In most years, the snow barely melts up here until the middle of June. By early September the leaves have changed, and October signals the first serious snow. We set out from the trailhead knowing a storm was on its way. The first proper winter weather was scheduled to hit that afternoon, giving us a glorious window to get the goods. We’d made a late start; most of the people we saw on the trail were already heading home by the time we started out. The trail heads from Kenosha pass along an Aspen lined ridge, before dipping down into the trees. The views south across the orange-tinged hills looked cold and foreboding, and we knew we’d be on our own for most of the ride. It’s these conditions that really hammer home how self sufficient you need to be in the mountains. When there’s no one around to call, and absolutely no phone service anyway, it’s a great incentive to double-check your hydration pack to ensure you’ve got all the essentials. After crossing Jefferson Creek, the trail winds in an unbroken climb to the top of Georgia Pass at over 11,000 feet. We stopped at the creek and took in the warm sunshine filtering through the trees before attempting the rest of the climb.
As we started the final climb towards Georgia Pass, I had this eery feeling of being the only person for a long way around. It was already past noon, the sun was high in the sky, and we hadn’t seen anyone for a good hour. The trail is well trodden – it’s busy and popular in the summer months. The rooty switchbacks are polished from thousands of bike tires winching themselves towards the summit, and the sharpest corners are rutted and bumpy from over-enthusiastic riders enjoying themselves on the way back down. While nothing material had changed since we left the car, the smell of cold weather seemed to fill the air, making the ascent seem ever more lonely.
The climb to Georgia Pass is about 10 miles long. Not a huge distance, but with serious elevation to contend with, it makes for a great challenge. After leaving the creek at the bottom, you first tackle a series of ever-tighter switchbacks that gain a long east-west ridge. You’re now in the high alpine. Blue sky appears above, and you can see more light leaking around the edges of the hillsides, suggesting there isn’t much higher to climb. The switchbacks are replaced with a swoopy trail that traverses around the hillside, until a wide meadow opens up in front of you. After the muffled sounds of the forest, emerging into the open is like entering a new universe. The trees rustle as they sway in the breeze, and the soft bed of pine needles on the trail is replaced by the rough stones and rock that give these mountains their name.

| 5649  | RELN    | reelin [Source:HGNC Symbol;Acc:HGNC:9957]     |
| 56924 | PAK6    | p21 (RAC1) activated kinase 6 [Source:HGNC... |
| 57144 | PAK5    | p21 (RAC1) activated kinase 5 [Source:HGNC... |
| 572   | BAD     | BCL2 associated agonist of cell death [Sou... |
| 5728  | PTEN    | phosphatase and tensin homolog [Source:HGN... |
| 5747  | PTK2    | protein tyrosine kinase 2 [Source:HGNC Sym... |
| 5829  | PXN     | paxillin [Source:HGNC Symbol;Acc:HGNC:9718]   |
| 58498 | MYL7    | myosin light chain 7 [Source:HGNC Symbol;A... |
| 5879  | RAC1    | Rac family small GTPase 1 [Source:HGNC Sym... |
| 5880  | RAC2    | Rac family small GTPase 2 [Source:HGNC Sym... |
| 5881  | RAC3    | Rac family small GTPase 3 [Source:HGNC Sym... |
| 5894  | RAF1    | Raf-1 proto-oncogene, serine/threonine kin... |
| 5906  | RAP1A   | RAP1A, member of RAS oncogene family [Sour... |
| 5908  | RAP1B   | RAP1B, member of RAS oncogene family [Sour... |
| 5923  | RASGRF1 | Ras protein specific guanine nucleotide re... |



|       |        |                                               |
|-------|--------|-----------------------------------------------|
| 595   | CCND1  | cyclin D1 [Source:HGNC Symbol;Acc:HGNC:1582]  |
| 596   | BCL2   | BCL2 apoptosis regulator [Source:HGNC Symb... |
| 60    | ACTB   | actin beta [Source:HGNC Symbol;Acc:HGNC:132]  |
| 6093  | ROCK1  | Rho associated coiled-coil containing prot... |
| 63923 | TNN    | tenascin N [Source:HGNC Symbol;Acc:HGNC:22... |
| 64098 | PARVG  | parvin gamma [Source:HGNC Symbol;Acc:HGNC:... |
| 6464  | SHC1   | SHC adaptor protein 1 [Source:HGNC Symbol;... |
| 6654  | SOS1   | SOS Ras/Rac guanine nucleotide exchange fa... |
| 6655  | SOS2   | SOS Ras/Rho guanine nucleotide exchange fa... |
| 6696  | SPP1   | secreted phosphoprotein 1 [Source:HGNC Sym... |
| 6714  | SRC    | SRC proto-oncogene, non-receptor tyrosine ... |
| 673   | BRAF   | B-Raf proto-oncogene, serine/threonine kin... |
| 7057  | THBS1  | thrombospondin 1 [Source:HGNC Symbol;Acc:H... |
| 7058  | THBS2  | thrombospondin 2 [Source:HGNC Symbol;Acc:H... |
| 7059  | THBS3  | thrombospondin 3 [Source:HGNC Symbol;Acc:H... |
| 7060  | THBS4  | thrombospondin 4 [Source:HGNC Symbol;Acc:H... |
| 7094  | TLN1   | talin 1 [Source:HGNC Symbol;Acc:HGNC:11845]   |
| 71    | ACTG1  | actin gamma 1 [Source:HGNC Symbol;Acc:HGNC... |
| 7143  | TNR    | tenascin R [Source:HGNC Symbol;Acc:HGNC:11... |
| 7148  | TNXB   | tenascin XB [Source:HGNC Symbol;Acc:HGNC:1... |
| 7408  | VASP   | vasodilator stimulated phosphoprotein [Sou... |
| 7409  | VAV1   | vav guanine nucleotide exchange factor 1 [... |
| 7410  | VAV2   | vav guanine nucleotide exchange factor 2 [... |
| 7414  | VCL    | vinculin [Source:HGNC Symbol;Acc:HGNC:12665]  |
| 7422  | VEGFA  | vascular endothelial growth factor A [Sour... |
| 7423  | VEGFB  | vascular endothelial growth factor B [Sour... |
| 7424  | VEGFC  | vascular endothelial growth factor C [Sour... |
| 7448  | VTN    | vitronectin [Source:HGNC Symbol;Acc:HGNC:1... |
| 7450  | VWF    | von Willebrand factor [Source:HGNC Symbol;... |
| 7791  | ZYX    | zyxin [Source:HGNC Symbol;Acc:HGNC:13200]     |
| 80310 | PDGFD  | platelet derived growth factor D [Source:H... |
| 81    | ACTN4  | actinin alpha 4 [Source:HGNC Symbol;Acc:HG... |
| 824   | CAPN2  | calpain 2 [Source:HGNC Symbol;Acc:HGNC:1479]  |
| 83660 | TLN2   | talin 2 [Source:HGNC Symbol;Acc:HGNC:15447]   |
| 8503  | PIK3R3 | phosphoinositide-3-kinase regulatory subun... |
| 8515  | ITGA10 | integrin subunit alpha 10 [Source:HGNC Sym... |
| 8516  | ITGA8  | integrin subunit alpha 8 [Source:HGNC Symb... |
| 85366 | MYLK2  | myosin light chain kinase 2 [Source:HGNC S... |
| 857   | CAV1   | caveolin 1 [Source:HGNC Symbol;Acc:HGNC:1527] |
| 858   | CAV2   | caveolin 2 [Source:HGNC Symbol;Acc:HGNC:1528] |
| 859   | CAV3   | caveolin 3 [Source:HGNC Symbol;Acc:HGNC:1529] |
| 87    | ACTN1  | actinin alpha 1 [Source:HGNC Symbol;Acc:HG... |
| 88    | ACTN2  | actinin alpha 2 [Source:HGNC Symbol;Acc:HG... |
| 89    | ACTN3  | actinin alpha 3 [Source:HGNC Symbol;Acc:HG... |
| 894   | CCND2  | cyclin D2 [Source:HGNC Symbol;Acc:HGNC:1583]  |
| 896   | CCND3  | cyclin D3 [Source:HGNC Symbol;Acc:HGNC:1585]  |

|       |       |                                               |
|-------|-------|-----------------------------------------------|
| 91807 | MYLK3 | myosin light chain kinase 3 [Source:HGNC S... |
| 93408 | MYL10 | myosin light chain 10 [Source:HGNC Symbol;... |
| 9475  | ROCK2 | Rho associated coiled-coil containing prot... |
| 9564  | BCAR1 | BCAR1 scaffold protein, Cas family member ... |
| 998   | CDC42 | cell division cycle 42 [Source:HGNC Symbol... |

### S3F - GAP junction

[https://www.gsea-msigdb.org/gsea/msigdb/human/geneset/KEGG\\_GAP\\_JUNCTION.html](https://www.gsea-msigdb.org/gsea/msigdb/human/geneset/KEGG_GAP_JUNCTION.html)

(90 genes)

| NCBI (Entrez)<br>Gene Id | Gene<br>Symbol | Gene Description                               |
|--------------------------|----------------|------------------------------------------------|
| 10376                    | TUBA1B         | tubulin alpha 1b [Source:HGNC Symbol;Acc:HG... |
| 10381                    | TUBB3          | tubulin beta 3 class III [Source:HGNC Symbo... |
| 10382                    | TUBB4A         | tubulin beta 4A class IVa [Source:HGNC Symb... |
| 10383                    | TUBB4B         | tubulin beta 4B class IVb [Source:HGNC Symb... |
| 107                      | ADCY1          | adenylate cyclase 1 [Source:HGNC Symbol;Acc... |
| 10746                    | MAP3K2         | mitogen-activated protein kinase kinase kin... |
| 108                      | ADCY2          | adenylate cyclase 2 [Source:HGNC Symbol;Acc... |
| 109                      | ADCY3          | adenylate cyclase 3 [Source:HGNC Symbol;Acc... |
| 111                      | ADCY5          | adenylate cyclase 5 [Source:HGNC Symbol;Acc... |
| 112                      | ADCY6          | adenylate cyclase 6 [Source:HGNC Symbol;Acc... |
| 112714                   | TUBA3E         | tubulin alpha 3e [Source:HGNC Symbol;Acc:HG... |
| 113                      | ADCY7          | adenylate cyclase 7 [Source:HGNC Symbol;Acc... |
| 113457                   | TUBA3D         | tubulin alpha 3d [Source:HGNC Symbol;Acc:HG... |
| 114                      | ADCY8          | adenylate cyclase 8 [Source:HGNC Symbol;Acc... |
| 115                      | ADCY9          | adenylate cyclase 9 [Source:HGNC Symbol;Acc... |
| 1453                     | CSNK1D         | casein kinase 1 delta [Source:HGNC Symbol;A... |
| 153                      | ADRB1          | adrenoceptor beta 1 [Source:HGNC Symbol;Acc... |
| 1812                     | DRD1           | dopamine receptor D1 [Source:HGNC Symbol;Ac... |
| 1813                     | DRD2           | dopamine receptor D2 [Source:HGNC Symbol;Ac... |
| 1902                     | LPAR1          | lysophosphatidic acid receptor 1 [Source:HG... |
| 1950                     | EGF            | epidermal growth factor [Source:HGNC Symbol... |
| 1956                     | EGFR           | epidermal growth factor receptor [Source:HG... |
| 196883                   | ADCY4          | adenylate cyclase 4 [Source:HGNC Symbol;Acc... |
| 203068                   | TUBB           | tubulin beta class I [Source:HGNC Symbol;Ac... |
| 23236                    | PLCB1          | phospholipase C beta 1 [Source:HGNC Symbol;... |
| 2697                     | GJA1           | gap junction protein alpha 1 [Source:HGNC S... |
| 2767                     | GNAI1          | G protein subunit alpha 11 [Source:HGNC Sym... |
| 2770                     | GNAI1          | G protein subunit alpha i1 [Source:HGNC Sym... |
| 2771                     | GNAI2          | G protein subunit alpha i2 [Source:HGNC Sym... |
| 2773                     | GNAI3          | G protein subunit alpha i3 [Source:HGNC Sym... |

We stop and listen. Not another human sound around. We’re barely 15 miles from the road, but we might as well be 100 miles. The wind seems to die down as we come to a stop and set our bikes down right in the middle of the trail. No one else is riding here today. With the storm that’s coming, we’re certain to be the last riders this year. It gives the mountains a new perspective; it’s just them and us.
It’s hard to pull ourselves away from the sunny spot in the meadow. We had set out with a destination in mind, and having reached it, the motivation to be back in the valley below was minimal at best. The sun crept ever closer to the trees around us, and as its warming rays left us, the temperature plummeted. It’s October in the high country. Any illusion of this being an inviting place was quickly dispelled. All that was left now was the descent.